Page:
Dear BFS Community,
I write this letter knowing that race in our country brings up a myriad of experiences, feelings and identifications. We all have our own perspectives; and, in this polarized atmosphere of American politics, it is common to struggle to see the perspective of the other. While we at BFS have touched upon how racial identity shows up in the classroom, the recent events around the country have highlighted a particularly ugly part of our national identity. Our children are sensitive and internalize more than we realize. They absorb unspoken messages, the tenor of a conversation, media influences and the diversity, or lack of diversity, of the world in which they exist, which includes the preconceived ideas that people can have with regards to race.
With this email, I am hoping to inspire brave and open communication that can begin to address the inequities that are pervasive in our society and to create a safe place for our community to share and change how we view color and race. I think it is clear that we need systemic change. BFS supports this work and is ready to facilitate the collective growth of our community.
I will begin with myself. I identify as a woman of color. Because I do not often present as a person of color to the outside world, I am in a position of privilege and advantage. As a woman, I am unmistakably subject to the perceived associations and external limitations placed upon my gender. It is very important in this dialog to self identify our starting point, to recognize our advantages in order to see how other groups may be treated and dis-empowered.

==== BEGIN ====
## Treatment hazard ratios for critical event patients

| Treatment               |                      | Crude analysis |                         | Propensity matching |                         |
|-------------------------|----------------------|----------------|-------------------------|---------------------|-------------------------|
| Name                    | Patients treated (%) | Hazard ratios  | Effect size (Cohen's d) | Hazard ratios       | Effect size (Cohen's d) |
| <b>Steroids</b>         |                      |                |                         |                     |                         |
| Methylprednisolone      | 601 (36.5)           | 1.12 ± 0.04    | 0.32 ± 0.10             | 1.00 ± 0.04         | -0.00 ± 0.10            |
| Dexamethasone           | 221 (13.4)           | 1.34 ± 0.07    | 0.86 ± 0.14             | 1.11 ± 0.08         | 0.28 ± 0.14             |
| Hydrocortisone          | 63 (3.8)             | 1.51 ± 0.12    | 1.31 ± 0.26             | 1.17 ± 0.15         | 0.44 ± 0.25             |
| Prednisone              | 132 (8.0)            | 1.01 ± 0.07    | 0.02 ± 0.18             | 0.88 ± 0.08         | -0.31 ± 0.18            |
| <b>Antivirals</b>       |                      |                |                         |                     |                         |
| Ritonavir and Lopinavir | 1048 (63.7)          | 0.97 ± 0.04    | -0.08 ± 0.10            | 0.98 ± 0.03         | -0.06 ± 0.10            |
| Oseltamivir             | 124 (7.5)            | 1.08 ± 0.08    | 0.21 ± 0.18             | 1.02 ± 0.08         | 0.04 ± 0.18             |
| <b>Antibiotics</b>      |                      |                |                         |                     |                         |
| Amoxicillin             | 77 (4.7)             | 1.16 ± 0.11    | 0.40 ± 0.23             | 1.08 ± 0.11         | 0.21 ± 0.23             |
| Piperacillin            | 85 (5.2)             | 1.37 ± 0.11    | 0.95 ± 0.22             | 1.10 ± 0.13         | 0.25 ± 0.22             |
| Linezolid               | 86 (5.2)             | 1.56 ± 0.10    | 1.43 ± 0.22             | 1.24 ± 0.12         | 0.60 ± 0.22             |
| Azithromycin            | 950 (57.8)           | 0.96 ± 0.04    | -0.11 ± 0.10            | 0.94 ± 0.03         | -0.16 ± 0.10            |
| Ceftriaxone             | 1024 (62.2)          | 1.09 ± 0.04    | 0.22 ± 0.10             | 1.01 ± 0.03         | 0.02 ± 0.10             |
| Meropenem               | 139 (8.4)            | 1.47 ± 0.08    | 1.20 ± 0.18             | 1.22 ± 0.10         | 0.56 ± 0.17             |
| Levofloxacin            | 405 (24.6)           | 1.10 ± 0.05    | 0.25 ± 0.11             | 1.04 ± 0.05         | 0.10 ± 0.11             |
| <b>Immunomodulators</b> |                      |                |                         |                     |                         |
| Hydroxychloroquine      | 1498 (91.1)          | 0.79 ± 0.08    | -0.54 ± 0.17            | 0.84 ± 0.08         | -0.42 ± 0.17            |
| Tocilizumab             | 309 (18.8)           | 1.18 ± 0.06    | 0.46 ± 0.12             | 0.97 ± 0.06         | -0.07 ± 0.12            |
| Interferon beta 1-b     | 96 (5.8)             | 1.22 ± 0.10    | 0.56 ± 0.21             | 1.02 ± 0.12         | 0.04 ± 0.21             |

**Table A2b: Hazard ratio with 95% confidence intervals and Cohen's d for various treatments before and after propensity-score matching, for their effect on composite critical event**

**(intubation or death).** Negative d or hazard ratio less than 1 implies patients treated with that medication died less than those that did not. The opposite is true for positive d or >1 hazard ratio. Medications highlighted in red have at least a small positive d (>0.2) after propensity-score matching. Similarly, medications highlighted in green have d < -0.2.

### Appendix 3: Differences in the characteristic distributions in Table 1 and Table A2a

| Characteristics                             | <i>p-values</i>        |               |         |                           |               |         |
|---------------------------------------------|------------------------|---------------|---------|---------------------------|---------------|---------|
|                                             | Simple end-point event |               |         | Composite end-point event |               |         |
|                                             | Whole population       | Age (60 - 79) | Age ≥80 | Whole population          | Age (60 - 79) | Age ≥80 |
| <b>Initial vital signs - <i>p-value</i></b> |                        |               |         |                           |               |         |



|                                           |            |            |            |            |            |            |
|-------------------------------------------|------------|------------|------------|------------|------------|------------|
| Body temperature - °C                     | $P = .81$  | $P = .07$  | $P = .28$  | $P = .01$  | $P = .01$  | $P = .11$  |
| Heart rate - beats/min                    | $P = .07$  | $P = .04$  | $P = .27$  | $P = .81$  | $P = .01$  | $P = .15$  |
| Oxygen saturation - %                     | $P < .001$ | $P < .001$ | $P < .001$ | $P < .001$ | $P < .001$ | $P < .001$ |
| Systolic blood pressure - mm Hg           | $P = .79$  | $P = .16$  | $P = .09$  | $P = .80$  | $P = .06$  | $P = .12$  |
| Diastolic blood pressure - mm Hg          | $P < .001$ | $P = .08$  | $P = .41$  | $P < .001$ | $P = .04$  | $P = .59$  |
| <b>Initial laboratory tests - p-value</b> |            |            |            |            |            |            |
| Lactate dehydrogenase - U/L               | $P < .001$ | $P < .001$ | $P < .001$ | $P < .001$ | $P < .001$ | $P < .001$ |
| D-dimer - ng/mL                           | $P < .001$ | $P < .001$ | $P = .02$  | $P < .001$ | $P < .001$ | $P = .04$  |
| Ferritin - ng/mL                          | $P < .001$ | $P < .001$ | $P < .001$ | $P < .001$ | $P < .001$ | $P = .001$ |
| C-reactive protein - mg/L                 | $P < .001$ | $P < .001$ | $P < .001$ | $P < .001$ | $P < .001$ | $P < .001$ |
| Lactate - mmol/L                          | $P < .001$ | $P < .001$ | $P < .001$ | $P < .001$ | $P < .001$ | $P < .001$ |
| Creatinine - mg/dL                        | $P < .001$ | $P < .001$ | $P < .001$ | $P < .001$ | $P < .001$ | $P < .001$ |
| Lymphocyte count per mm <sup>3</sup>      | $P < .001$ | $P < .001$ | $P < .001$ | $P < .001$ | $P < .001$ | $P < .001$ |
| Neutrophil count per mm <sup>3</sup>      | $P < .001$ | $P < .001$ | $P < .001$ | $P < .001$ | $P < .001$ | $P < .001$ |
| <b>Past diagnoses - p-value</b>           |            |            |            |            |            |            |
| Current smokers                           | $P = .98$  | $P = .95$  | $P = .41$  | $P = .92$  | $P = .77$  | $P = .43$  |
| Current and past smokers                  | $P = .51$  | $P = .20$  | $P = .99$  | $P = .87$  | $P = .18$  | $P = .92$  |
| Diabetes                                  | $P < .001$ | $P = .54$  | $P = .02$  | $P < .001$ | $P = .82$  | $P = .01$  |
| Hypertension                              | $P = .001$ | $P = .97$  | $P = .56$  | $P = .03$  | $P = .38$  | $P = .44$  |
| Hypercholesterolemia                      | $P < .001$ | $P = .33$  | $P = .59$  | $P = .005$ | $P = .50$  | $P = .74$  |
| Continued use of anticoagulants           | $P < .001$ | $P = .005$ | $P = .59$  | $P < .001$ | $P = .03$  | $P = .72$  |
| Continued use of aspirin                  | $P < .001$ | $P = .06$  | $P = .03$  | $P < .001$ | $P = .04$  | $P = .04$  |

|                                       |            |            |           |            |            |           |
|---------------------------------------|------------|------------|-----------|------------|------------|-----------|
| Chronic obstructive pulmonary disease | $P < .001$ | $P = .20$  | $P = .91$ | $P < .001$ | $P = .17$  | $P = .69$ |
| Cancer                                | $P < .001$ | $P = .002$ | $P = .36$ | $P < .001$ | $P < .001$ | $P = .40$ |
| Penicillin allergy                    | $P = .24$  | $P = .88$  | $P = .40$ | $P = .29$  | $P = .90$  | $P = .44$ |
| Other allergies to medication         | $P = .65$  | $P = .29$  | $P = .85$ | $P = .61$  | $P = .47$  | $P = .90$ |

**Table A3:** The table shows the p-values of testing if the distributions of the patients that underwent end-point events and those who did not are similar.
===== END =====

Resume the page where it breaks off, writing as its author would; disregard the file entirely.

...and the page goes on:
How do you see yourself? Many who live with being black and brown address this question because they are confronted with it every day. What I would like us to consider is that we all have to deal with race. We all have responsibilities to make space for and to listen to the experiences of others. The onus falls upon all of us, especially with those who are nourishing the minds of young children.
The culture that we create at our school begins with the family and the school. Children are as brave and accepting as the environments in which they inhabit. It is our job to expose children to difference and acceptance. We celebrate what makes us unique and unlike the other, recognizing that when we do not, that is a choice that has consequences for how brave and loving our community can be. Here a resource for you to examine and explore. The work of becoming racially aware is not easy and brings up unconscious bias that we do not enjoy encountering, either in ourselves or others. But, it is through this work that we can grow, as a community and a society.
The Atlantic, How to talk to Kids about Race
“The worst conversation adults can have with kids about race is no conversation at all,” says author Jemar Tisby. “Talking to kids about race needs to happen early, often, and honestly.”
Let's come together, families and teachers, and talk about what we are thinking and how we can begin this growth together. Meet us Friday between 4:00-5:00 p.m. via ZOOM, password Freespace1.
Oi Ling Hu